BUZ LIVINGSTON: Mortgage advice revisited

Published: Sunday, February 16, 2014 at 12:41 PM.

When asked about home mortgages planners, myself included, pretty much parrot the guidelines lenders use when evaluating mortgage applications. But this ignores, perhaps foolishly, the comprehensive picture. So, I’m recalibrating my mortgage advice (and you should, too), because getting the loan approved should not be your only guideline. Think about retirement; principal and interest payments mean less money for retirement savings and vacations.

Lenders want to loan the maximum amount you can repay even if painfully. The mortgage guidelines omit two crucial pieces of life satisfaction — retirement contributions and vacations. If it comes down to an IRA contribution or the mortgage payment there’s really not a choice.  All work and no play makes for a pretty dull life; families need vacations.  

The specific cut-off level varies among lenders but total monthly debt service, including house payment, ranges between 35-41 percent of gross monthly income. Some FHA loans allow higher levels. Many people will find it difficult to adequately fund retirement with debt service levels this high. While home equity can be used for retirement, home prices historically underperform stocks and if you need $10,000 you can’t sell the front porch. Ideally, keep your mortgage payment, including escrow, between 25  and 30 percent of your gross income, otherwise saving for retirement could be difficult.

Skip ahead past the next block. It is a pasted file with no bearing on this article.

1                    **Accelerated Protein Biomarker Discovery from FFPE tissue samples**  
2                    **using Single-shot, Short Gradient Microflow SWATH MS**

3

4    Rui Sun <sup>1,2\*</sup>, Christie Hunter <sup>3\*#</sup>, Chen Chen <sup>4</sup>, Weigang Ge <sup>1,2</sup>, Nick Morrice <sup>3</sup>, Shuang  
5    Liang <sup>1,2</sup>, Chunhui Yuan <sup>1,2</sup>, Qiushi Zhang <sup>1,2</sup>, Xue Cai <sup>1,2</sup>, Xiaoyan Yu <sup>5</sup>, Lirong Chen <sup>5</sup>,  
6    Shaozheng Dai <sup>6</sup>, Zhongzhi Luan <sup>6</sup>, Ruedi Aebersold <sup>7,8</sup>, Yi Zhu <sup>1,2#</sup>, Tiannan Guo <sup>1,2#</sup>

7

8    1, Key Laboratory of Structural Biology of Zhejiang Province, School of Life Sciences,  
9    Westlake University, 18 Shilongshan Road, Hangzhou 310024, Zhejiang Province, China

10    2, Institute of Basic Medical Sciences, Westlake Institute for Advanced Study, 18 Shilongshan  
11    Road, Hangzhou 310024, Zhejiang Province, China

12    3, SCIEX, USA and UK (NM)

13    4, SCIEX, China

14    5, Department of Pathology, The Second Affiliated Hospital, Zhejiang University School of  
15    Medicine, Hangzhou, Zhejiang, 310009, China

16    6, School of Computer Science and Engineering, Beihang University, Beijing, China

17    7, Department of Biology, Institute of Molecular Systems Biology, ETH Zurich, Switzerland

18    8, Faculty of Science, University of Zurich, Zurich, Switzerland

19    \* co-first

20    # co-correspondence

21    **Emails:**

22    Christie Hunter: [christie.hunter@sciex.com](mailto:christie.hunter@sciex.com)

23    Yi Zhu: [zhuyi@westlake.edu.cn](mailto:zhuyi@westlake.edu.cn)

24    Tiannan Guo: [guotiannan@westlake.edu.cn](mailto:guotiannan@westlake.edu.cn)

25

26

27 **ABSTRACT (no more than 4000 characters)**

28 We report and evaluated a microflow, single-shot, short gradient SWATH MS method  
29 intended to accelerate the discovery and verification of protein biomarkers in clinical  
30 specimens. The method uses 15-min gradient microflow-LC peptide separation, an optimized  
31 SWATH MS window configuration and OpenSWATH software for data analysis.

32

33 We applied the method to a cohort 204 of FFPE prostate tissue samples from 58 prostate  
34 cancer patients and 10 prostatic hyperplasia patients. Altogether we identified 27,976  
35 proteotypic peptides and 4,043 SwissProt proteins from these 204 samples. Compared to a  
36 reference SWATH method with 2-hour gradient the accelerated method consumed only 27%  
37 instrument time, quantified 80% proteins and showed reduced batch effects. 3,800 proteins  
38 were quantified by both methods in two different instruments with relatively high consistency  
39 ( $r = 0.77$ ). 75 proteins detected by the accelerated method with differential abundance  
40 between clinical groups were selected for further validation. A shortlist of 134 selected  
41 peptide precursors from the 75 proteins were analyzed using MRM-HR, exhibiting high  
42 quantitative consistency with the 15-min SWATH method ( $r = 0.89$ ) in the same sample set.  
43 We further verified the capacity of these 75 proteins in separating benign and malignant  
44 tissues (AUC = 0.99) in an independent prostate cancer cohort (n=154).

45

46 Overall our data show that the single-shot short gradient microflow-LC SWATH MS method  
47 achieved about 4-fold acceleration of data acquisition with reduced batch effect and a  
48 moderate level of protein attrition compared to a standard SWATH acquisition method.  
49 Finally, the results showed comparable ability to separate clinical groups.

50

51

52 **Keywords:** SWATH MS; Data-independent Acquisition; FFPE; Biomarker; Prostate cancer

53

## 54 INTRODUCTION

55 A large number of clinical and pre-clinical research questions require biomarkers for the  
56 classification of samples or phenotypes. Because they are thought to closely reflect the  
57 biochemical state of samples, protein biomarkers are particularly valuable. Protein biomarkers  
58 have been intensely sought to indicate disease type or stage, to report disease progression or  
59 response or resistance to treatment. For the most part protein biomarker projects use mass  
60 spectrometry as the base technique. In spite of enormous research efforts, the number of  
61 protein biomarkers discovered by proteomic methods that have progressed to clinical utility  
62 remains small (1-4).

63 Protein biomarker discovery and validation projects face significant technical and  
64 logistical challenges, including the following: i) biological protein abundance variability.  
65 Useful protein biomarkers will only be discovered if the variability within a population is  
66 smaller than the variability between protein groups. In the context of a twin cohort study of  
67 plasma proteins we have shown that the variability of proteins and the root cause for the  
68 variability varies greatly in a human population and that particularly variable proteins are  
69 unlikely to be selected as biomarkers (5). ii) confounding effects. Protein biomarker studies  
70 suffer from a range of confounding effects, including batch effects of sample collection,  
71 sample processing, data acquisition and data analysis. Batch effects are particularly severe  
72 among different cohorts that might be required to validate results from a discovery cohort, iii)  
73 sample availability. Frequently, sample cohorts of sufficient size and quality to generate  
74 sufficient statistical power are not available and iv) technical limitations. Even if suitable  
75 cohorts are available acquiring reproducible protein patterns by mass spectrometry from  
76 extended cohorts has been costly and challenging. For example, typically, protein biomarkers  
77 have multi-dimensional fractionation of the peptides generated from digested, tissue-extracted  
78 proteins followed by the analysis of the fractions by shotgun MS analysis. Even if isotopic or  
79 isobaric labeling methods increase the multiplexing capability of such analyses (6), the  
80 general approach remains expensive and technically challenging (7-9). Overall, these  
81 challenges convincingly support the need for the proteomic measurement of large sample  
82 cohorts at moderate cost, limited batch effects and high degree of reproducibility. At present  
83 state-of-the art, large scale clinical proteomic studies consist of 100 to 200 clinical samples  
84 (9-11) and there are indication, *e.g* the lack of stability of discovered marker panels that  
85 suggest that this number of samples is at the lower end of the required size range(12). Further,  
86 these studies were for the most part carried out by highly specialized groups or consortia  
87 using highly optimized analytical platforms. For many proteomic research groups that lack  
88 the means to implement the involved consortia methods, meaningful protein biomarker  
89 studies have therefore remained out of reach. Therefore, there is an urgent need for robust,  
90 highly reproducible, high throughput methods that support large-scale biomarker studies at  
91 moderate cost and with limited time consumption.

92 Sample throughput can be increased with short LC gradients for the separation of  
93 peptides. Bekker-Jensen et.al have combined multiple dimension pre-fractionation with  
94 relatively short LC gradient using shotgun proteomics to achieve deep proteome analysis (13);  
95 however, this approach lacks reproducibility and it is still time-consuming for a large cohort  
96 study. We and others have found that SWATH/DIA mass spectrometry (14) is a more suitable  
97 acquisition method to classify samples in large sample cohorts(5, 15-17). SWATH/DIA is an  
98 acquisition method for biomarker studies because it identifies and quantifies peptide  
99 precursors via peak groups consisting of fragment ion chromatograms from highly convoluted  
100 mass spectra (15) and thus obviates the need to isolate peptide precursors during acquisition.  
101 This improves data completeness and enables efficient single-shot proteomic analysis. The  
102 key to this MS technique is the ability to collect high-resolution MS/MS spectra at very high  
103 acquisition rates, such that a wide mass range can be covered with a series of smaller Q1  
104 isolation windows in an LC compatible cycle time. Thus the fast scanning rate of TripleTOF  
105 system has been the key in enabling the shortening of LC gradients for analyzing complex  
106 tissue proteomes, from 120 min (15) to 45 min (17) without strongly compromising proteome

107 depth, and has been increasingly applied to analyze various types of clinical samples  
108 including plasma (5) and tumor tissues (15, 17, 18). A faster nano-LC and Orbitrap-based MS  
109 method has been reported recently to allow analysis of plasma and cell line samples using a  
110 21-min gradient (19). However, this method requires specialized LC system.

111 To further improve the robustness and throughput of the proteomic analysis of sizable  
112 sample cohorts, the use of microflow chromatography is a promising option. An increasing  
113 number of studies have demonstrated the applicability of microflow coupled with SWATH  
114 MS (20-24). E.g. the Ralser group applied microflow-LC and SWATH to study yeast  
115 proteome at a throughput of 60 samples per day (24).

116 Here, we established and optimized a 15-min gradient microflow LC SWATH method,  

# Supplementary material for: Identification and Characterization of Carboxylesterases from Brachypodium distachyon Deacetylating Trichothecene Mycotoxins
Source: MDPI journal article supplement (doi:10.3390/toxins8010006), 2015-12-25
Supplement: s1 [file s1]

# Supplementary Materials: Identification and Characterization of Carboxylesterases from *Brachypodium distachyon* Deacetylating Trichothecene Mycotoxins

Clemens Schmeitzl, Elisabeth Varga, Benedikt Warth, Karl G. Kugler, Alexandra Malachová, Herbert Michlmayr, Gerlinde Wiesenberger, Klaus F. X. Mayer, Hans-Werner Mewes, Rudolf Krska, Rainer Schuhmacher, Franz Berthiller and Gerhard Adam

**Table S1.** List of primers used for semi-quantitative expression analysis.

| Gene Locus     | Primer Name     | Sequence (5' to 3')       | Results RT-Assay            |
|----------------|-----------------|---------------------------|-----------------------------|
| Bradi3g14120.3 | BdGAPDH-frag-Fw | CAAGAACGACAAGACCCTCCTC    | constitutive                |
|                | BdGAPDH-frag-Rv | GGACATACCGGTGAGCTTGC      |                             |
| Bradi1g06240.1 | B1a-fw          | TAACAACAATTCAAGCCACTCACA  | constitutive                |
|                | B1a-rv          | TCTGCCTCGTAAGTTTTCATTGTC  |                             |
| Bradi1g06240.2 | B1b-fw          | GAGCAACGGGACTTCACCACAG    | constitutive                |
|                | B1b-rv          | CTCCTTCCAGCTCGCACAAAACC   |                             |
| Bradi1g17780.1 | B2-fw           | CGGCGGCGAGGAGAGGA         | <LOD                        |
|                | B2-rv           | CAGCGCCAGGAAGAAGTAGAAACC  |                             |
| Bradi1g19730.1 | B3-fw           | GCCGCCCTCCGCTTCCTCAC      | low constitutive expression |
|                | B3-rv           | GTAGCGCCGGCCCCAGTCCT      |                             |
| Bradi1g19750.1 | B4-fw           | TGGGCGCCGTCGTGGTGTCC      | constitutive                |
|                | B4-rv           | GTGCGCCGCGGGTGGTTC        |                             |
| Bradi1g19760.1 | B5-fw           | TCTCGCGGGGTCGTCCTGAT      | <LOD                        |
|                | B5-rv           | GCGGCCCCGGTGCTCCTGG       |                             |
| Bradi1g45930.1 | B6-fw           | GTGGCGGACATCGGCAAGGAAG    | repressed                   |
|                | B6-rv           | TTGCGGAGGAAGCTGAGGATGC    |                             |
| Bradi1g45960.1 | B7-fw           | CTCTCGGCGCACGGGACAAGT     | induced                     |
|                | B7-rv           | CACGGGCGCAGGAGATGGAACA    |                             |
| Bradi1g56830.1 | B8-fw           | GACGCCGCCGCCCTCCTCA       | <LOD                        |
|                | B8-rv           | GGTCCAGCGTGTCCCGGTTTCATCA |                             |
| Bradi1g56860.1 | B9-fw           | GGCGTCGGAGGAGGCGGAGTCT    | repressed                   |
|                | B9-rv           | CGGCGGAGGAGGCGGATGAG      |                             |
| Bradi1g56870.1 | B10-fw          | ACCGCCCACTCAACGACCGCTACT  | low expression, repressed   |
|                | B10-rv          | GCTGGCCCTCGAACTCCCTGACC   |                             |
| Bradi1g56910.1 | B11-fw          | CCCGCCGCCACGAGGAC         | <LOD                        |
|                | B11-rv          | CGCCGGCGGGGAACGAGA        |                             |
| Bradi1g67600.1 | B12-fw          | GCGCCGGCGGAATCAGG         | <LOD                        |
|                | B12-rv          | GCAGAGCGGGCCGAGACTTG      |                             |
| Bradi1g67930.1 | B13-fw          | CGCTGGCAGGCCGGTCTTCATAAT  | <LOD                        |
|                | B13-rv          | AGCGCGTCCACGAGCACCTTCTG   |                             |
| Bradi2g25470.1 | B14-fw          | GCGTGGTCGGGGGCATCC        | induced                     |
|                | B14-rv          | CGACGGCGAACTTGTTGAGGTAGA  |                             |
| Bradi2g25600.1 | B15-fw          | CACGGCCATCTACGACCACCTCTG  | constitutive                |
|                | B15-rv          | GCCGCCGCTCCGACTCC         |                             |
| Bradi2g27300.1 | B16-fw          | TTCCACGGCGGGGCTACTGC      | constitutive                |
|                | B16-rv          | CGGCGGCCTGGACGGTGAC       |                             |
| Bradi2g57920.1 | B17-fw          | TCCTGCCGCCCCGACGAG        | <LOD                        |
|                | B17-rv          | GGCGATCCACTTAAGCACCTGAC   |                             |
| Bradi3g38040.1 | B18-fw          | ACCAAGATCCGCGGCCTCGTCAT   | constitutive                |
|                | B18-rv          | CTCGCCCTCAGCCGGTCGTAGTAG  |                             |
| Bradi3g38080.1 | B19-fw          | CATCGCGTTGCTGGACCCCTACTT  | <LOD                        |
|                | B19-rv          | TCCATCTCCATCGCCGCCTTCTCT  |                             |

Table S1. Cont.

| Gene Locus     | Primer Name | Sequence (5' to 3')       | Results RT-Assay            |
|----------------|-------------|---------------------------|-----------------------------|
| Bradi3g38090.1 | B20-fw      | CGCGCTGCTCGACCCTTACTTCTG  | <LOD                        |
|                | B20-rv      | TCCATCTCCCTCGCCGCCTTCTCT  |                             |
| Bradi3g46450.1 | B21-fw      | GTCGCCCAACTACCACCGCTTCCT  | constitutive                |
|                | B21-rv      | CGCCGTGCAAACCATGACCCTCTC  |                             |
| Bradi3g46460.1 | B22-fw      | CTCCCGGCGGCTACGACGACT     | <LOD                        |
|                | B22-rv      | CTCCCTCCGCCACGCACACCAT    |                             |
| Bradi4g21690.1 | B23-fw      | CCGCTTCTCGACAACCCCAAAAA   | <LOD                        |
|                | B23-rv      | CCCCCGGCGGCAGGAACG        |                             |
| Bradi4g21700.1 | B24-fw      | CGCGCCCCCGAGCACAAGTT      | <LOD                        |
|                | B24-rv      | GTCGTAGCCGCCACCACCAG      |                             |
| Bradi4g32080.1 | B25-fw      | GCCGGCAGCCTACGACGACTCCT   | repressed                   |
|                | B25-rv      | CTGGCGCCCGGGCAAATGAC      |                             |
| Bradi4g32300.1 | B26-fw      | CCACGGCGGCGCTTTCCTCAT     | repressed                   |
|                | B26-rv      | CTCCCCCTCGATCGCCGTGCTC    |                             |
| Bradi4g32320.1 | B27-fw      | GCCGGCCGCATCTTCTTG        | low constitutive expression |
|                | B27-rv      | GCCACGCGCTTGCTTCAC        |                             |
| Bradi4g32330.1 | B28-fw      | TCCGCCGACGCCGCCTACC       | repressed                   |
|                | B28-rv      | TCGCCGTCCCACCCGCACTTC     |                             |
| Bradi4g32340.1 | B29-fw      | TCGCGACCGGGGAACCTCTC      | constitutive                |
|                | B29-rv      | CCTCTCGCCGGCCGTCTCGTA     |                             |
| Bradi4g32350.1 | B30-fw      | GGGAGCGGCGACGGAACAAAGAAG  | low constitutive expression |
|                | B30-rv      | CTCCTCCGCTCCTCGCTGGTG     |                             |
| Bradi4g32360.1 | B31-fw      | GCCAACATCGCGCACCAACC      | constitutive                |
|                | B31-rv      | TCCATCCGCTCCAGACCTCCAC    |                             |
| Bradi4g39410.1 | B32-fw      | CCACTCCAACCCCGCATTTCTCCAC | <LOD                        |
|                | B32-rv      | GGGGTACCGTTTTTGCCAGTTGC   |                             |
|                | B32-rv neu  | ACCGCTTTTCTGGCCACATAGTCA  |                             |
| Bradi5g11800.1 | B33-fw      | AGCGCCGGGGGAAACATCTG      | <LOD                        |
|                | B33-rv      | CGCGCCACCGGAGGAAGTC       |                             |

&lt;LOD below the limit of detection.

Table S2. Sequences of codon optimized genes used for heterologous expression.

Advisors sometimes drop the ball when it comes to mortgage types and especially length. Fifteen year mortgages are financially better because you pay less interest and you build equity faster. Paying off a mortgage prior to retirement reduces your fixed expenses during retirement. Since returns vary, your retirement portfolio will perform better with lower fixed costs. Many asset managers, fiduciary or otherwise, dance around this reality.  

Some money managers will downplay a 15-year mortgage’s benefit because income going toward the mortgage balance means fewer billable assets, but that’s short-sighted and self-serving. Someone will point out four percent mortgage rates undercut this strategy and I say baloney. Paying down a mortgage is risk-free while an investment portfolio has all types of risk.  An investment portfolio has a risk premium historically around 3 to 5 percent. Then include your investment costs. Before long you top 8 percent and anyone planning their retirement with that number needs a rabbit’s foot, too. 

Each family works in a unique financial environment but most people will be better served with a mortgage paid off before retirement. Today’s current low interest rate environment may challenge that quaint notion but being debt-free liberates you. Rich folk miss one of life’s great pleasures — making the last payment on a note. It’s OK to owe money by choice, not so much by necessity. For instance, refinancing a loan to improve cash flow can be a viable option even if sub-optimal. 

Buy a home you can afford. Too much home can be an albatross. Strongly consider a 15-year mortgage. If you have an existing 30-year mortgage, consult with your lender to see if a bi-monthly payment can reduce your mortgage balance sooner. Unless you have a sweet pension, you don’t want a mortgage in retirement.  



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